Greenland Melted Recently, Shows High Risk of Sea Level Rise Today

Long-lost ice core reveals that much of Greenland was green 416,000 years ago                                                                                            

Meltwater pouring over ice at the edge of the Greenland Ice Sheet near 660 at midnight, Kangerlussuaq. Greenland.

Meltwater pouring over ice at the edge of the Greenland Ice Sheet near 660 at midnight, Kangerlussuaq. Greenland (Photo courtesy of Paul Bierman / University of Vermont).

During the Cold War, a secret U.S. Army mission, at Camp Century in northwestern Greenland, drilled down through 4,560 feet of ice on the frozen island—and then kept drilling, to pull out a 12-foot-long tube of soil and rock from below the ice. Then this icy sediment was lost in a freezer for decades. It was accidentally rediscovered in 2017 and shown to hold not just sediment but also leaves and moss, remnants of an ice-free landscape, perhaps a boreal forest.

But how long ago were those plants growing in an area that today is an ice sheet two miles thick and three times the size of Texas?

An international team of scientists, including UConn Earth Sciences Associate Professor Julie Fosdick, was amazed to discover that Greenland was a truly green land only 416,000 years ago (give or take about 38,000 years).

Their new study was published Thursday, July 20 in the journal Science.

‘Bulletproof Evidence’

Until recently, geologists believed that Greenland was a fortress of ice, mostly unmelted for millions of years. But, two years ago, using the rediscovered Camp Century ice core, this team of scientists showed that it likely melted less than one million years ago. Other scientists, working in central Greenland, gathered data showing the ice there melted at least once in the last 1.1 million years—but until this study, no one knew exactly when the ice was gone.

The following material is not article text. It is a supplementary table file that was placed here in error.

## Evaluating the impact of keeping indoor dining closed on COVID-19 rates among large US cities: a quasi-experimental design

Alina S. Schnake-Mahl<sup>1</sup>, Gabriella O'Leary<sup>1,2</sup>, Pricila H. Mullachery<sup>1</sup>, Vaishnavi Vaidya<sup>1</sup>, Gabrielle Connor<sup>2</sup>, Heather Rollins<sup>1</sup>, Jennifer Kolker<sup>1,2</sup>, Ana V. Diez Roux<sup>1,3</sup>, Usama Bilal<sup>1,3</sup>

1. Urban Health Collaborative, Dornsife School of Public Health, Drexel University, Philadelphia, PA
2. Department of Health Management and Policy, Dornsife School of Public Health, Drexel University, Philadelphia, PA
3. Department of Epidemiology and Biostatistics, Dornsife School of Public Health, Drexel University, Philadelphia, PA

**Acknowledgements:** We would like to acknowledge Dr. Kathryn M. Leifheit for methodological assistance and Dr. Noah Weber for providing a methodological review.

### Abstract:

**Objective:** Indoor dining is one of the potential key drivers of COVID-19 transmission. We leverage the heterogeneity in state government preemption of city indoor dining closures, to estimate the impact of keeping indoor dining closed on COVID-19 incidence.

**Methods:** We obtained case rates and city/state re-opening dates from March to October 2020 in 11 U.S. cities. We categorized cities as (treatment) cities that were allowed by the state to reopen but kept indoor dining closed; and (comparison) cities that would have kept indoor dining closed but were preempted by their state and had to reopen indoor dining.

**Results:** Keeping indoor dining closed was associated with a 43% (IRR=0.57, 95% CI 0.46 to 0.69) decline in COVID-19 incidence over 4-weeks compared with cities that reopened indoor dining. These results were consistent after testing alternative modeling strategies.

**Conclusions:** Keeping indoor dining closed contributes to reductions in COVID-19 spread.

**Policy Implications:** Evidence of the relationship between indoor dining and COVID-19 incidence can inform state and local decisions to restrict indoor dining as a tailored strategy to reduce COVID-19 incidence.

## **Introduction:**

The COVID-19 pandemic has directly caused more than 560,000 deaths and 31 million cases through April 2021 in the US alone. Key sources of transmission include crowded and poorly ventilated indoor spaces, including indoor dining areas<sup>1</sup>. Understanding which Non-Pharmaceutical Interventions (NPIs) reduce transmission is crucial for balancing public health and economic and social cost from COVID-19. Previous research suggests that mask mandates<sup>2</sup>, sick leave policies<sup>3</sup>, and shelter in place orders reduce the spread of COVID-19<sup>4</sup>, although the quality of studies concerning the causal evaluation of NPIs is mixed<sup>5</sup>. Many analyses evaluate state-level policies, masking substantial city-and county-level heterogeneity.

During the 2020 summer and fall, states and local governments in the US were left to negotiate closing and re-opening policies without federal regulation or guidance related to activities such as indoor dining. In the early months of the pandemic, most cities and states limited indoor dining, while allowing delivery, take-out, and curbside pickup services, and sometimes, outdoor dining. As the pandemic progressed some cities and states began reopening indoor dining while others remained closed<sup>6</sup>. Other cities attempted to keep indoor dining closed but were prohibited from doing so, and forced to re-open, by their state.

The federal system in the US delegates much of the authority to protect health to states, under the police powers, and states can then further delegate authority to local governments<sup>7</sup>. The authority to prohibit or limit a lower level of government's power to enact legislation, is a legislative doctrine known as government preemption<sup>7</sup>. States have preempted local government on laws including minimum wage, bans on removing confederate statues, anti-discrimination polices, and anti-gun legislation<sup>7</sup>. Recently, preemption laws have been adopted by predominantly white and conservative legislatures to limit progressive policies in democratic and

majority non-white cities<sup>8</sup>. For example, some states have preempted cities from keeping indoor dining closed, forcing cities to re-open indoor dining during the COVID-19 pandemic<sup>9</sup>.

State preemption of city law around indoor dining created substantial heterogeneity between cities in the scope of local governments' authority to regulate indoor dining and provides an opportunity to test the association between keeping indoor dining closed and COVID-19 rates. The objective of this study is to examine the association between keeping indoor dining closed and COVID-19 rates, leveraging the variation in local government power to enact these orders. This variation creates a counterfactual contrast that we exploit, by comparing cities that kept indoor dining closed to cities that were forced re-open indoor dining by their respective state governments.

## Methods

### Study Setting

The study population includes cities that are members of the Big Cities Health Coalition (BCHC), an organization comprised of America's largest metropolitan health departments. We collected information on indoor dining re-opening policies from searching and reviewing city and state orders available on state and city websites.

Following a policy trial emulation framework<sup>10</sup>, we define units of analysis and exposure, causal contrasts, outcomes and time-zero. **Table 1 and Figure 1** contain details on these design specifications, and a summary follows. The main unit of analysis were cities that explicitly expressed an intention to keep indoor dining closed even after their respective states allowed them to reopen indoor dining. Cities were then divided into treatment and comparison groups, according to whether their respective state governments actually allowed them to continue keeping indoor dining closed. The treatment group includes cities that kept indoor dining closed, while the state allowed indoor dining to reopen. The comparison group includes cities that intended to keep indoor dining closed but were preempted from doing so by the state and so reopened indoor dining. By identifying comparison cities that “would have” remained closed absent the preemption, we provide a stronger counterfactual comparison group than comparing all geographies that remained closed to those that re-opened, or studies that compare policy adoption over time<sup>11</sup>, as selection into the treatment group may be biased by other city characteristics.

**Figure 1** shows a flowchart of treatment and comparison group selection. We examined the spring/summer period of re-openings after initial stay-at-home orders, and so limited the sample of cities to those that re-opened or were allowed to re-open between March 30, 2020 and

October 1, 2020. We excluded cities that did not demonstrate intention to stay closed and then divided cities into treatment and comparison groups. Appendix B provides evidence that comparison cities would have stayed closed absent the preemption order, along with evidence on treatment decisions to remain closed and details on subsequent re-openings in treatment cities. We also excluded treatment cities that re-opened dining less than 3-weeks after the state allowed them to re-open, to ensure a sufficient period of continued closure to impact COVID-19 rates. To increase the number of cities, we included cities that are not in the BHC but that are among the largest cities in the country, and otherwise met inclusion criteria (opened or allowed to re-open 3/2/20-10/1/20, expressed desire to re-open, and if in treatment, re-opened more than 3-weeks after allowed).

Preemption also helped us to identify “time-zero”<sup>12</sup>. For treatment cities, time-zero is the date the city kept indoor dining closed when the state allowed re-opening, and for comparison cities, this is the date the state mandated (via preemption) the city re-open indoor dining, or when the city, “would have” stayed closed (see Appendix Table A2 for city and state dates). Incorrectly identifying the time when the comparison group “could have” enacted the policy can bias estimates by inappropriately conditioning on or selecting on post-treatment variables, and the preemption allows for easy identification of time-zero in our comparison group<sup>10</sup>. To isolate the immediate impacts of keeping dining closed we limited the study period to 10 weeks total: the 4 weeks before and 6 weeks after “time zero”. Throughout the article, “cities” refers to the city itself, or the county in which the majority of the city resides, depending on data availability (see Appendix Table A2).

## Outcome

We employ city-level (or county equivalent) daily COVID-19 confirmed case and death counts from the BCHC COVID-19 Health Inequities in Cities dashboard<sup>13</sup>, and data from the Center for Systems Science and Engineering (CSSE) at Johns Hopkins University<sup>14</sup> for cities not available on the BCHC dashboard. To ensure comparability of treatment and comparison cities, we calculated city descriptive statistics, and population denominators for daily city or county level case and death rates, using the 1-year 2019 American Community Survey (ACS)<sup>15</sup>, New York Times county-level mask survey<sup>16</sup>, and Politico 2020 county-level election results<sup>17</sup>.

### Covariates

Now, using advanced luminescence technology and rare isotope analysis, the team has created a starker picture: large portions of Greenland’s ice sheet melted much more recently than a million years ago. The new study presents direct evidence that sediment just beneath the ice sheet was deposited by flowing water in an ice-free environment during a moderate warming period called Marine Isotope Stage 11, roughly from 424,000 to 374,000 years ago. This melting caused at least five feet of sea level rise around the globe, and potentially as much as 20 feet, says Fosdick.

Camp Century uppermost sample last exposed 416,000 years ago.
Camp Century uppermost sample last exposed 416,000 years ago (Photo courtesy of Andrew Christ / University of Vermont).